Family & Divorce

Under Wis. Stat. section 767.59 (1m), the court has limited authority to give credit due to past support arrears prior to the time a motion is filed, and has no authority under the existing statute to clear maintenance arrears prior to the date that notice of the action is given to the opposing side, except to correct previous errors in calculations. What other remedies may be available? At Issue: Section 767.59 Section 767.59(1m) – Payment Revision Prospective – reads as follows: In an action under sub. (1c) to revise a judgment or order with respect to child support, maintenance payments,…
One of the most common questions clients ask me is: “When do the children get to make the decision as to placement?” Unlike some states which provide specific ages, Wisconsin has some statutes that merely make the wishes of the child one of a large number of factors which courts are to take into account. Wis. Stats. §767.41(5)(2). A recent unpublished, but citeable, Court of Appeals decision makes an interesting (in want of a better word) comment regarding this issue. In many cases, when a child’s age is at one end of the spectrum, the answer is obvious. Children who…
This is the last installment of our blog specifically focusing on the SCRA and its effect on Wisconsin military divorces. Previous blogs in this series addressed the relief available for servicemembers and their spouses when a divorce or child custody act is pending. Following are miscellaneous sections of the Act that be relevant in a family matter, with short explanations: The servicemember can request an interest rate reduction to 6% on loans incurred prior to military service by writing to the creditor. This can be a valuable tool in cases where the parties are struggling to make ends meet during…
Families come in many different forms. In particular, advances in medical technology are expanding the concept of the family now more than ever. Unfortunately, the social acceptance of some families has lagged behind the technology. But what is the impact, if any, on children born via assisted reproductive technology (ART)? A recent article in Reproductive Biomedicine Online by Susan Golombok of the University of Cambridge in England looks at 40 years of research, including her own longitudinal studies, and answers that question. The article breaks down its findings into the following categories of family. Here are the highlights: 1) Lesbian…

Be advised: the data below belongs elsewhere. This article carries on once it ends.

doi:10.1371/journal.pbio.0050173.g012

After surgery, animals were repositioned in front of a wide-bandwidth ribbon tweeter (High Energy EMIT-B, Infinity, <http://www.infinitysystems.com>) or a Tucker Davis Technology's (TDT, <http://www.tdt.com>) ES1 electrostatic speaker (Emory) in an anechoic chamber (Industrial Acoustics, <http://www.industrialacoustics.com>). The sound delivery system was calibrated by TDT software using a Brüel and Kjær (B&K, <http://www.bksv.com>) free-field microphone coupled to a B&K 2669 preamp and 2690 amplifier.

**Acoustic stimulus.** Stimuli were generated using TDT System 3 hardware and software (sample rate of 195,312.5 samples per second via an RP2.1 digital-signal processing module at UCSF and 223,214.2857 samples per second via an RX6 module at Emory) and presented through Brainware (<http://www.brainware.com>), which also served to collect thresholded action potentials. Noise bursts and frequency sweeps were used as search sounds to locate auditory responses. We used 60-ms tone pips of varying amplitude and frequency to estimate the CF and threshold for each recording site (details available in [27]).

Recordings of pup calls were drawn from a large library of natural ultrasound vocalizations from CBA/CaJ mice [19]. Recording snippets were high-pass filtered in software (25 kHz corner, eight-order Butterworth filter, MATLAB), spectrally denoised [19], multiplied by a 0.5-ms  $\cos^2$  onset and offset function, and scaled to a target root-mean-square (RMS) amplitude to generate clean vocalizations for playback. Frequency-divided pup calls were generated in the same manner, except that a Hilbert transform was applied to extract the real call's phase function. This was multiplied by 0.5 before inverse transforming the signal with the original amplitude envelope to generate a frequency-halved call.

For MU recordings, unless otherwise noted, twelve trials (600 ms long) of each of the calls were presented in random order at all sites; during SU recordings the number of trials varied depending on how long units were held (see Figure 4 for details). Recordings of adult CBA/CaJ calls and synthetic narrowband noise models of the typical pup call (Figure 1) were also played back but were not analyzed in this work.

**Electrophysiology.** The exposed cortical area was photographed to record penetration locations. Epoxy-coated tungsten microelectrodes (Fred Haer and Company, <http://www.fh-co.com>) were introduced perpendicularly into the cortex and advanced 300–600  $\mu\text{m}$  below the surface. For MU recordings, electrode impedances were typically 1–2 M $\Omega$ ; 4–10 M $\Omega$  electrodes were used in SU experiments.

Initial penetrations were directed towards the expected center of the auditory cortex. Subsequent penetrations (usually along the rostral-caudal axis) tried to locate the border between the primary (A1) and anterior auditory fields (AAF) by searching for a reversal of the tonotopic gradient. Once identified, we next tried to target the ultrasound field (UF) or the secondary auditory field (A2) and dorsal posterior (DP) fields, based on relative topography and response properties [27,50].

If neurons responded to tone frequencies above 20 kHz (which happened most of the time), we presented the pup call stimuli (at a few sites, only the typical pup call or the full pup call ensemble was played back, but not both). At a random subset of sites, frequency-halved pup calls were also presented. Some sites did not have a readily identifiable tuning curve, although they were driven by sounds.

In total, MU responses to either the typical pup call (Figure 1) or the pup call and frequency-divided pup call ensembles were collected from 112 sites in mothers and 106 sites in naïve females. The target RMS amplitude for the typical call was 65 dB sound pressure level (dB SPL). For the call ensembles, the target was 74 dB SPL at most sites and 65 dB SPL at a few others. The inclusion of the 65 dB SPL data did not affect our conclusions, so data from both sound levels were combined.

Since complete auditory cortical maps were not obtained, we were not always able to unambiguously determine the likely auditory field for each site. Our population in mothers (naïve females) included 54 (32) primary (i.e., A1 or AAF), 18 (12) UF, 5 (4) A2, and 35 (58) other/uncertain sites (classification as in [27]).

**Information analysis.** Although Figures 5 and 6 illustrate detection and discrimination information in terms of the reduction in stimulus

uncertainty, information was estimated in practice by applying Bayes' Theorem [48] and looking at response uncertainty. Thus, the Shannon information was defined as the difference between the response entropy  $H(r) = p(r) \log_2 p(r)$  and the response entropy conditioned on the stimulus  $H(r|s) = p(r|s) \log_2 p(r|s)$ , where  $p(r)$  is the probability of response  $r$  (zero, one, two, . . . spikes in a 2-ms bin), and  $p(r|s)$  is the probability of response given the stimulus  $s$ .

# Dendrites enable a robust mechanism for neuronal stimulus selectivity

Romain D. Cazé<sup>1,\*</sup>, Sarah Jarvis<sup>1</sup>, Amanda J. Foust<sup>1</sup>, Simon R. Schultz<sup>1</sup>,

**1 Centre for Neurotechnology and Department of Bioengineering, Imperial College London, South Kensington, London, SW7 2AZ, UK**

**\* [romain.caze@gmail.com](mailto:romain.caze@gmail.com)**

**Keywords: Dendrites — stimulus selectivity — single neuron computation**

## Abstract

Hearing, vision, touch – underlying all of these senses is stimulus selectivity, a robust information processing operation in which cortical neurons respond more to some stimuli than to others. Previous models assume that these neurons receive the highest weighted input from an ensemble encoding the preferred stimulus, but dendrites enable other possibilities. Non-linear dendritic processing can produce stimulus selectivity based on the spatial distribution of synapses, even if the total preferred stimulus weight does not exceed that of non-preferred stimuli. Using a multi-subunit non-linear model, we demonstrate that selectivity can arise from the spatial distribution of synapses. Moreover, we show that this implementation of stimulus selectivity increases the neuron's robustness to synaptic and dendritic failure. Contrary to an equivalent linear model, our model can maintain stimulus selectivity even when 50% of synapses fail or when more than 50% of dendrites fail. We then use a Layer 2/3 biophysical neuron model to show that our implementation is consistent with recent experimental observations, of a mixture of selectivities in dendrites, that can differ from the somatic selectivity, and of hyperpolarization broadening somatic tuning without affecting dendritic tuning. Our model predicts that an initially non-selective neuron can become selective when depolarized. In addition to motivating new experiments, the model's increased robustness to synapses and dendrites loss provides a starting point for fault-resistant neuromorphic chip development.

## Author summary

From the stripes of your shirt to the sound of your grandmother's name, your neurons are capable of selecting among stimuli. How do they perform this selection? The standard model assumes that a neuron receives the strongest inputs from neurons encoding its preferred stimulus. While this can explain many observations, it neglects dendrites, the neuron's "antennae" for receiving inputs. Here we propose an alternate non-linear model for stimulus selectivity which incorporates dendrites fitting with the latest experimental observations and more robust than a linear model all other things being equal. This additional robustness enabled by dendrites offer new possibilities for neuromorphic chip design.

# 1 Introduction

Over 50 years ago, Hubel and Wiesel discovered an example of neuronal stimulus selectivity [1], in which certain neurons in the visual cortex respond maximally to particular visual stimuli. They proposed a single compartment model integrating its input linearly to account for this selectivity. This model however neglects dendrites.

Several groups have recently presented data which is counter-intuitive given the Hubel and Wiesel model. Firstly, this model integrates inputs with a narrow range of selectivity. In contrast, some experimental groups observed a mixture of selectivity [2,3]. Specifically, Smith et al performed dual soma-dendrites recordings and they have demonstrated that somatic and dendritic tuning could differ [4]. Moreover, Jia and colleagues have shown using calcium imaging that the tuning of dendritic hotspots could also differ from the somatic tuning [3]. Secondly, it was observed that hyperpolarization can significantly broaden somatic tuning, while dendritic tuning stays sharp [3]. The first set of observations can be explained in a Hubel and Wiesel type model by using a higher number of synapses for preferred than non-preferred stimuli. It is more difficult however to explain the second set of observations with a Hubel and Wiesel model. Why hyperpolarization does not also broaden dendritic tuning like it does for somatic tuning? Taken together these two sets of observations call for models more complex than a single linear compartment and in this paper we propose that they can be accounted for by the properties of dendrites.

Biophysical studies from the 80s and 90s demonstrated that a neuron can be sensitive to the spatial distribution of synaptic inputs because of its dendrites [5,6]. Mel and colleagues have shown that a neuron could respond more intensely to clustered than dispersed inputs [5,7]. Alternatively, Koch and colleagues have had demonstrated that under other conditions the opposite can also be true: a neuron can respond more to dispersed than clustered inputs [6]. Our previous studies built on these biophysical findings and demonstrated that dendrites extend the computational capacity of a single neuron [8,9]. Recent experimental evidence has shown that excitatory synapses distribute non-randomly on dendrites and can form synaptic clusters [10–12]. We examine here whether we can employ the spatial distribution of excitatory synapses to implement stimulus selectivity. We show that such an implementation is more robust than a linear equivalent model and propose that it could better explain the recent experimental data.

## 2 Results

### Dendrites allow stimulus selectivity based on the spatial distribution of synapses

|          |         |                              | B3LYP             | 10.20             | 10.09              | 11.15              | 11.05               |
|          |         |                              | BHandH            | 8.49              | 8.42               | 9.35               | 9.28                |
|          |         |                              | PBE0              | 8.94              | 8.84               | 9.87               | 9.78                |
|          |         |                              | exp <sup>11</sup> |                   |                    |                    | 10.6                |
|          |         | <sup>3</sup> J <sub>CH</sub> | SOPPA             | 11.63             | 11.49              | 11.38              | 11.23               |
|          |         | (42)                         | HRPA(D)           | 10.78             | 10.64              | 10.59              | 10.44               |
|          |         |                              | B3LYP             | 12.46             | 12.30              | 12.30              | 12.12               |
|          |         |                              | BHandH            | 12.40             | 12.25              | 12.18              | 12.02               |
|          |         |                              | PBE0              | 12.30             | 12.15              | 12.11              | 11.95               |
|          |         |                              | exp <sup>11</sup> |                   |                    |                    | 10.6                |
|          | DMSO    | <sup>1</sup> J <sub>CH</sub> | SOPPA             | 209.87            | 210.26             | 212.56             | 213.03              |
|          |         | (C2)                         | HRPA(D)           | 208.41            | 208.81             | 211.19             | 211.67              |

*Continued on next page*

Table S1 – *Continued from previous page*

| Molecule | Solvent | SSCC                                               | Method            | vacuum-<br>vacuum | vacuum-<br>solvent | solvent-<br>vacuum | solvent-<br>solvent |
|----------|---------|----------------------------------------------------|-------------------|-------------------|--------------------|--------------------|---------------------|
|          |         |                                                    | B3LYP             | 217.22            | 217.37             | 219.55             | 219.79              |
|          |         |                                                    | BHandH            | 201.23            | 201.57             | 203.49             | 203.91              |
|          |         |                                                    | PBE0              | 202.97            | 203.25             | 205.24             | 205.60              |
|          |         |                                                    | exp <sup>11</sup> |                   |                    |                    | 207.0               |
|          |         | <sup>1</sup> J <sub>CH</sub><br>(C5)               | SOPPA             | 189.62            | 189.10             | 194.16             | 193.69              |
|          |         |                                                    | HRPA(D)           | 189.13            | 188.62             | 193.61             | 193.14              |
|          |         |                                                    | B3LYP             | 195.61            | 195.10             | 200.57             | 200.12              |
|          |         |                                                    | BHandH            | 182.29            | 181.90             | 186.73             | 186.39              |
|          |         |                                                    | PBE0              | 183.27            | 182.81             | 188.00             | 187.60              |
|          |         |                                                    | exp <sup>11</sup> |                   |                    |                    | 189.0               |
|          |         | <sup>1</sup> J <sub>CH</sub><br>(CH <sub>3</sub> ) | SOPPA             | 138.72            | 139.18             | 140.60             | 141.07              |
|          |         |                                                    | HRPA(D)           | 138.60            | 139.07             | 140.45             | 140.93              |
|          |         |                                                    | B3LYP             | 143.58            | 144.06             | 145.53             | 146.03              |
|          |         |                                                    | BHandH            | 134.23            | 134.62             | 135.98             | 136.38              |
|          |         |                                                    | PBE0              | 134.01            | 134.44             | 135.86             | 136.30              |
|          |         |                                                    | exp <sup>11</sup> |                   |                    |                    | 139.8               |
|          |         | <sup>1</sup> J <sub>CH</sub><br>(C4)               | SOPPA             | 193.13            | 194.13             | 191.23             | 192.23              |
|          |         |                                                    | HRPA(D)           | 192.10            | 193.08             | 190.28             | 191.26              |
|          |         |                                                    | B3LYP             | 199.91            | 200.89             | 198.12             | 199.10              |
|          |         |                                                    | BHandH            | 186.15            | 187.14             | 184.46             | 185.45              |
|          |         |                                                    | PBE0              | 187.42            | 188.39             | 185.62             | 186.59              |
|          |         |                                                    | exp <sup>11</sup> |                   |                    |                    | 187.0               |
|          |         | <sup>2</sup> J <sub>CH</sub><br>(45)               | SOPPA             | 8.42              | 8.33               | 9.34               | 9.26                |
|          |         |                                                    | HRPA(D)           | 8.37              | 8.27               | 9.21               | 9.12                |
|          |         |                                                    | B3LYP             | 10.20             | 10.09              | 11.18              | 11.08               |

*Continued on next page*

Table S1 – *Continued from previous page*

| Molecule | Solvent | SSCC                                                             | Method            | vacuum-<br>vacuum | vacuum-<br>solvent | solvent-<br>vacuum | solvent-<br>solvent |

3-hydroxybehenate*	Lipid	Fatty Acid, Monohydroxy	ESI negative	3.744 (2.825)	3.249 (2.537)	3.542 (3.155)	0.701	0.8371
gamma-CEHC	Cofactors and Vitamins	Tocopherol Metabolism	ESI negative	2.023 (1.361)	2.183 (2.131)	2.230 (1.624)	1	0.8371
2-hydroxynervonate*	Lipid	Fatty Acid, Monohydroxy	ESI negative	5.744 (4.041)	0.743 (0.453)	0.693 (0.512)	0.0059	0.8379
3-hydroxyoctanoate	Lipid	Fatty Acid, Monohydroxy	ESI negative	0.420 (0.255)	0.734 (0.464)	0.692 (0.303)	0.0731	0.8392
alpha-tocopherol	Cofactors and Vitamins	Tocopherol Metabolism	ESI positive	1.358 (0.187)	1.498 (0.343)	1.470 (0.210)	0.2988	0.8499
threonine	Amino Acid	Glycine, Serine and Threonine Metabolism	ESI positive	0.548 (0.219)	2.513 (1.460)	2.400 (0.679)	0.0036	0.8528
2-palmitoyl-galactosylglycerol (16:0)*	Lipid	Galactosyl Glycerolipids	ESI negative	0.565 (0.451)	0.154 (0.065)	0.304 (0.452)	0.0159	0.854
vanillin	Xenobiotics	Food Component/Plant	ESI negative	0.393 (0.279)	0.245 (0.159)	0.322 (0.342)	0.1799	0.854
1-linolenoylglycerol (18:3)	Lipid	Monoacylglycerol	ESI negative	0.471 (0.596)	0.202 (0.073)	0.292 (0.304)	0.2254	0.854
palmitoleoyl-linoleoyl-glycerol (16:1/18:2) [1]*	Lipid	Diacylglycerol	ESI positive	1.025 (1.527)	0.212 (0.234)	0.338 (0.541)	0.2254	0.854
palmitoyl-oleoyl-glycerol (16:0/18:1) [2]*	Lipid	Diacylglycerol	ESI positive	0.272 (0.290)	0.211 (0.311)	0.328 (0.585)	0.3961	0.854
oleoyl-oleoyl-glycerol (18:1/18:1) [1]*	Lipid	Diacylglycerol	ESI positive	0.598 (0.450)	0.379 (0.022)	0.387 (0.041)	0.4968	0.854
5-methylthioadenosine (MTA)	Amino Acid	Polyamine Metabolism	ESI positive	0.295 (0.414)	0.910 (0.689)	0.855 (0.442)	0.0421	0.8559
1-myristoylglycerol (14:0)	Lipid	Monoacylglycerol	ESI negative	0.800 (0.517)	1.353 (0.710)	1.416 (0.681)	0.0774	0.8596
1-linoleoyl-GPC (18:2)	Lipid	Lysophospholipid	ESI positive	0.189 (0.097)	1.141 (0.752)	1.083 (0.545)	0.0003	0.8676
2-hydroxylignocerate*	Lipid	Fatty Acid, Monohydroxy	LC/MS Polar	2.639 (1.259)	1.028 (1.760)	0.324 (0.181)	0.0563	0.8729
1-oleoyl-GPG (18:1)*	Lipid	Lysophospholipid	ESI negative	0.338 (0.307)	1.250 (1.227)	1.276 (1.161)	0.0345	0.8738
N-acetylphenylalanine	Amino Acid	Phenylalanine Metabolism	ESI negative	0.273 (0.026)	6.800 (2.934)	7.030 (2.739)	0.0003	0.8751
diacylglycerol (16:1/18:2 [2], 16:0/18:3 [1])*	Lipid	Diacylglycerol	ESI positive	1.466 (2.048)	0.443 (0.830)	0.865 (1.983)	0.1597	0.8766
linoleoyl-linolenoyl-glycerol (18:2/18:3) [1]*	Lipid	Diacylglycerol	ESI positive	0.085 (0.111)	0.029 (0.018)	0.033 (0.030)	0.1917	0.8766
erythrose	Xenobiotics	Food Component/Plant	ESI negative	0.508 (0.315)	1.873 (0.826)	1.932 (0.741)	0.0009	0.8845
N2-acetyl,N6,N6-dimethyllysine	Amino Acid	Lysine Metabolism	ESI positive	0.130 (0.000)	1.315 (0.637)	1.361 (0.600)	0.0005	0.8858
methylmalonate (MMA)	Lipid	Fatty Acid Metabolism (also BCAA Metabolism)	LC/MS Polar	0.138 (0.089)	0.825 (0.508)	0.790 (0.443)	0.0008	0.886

Emily Dudak Leiter of The Law Center, S.C., attorney and yoga teacher, spoke today about “Wellness for Attorneys” at the State Bar of Wisconsin’s virtual conference, “Trending Topics in Juvenile Justice Reform 2020.” Emily shared her techniques for staying happy and healthy while practicing children’s law. The techniques she discussed included mindfulness, meditation, Yoga, breathwork, sleep, living with gratitude and compassion, guarding your energy and time, exercise, not multi-tasking, alignment and stretching while at the computer, music and essential oils in the office, minimalism, and cleanliness, boundaries, living beneath your means, and getting out in Nature. Emily hopes to continue…
Technology benefits the world in thousands of ways. It provides a means of connection and communication, allows us to find answers to nearly any question, gives us the ability to work remotely and stay up-to-date with every current event in the news and with our friends and family. Social media offers different platforms that children of all ages can use and even earn money from. One 7 year old made over $22 million in 2018 by reviewing toys on YouTube. Numerous other children have ‘gone viral’ for creating dances, reviewing food and beverages, and just being really, really adorable. However,…
Categories Categories Archives Family Law Videos WI Court Opinions Legal Publications By Attorney Gregg HermanAugust 28, 2020 On June 16, the Supreme Court of Wisconsin issued its opinion in Miller v. Carroll, 2020 WI 56, a case involving a judge’s decision to accept a Facebook friend request from a mother in a custody and placement dispute. Four justices joined the majority opinion, from Justice Rebecca Dallett, excluding one footnote. Three of the justices in the majority filed concurring decisions, including Dallett who concurred with her own opinion (huh?). Justice Brian Hagedorn filed a dissenting opinion, most of which was…
Last Sunday evening, August 9, 2020, our school law attorneys held a free, back-to-school Zoom webinar.  Attorneys Kristi Baker and Anne Daugherty-Leiter sought to empower parents and talked about how to help your child receive a free, appropriate public education during these challenging times, with a focus on special education needs. No student can afford a wasted semester, least of all a student with an IEP.  Anne and Kristi emphasized how parental advocacy is key to making sure that a child’s IEP is both drafted and implemented, in a way that meets the child’s needs during this challenging time.  Our…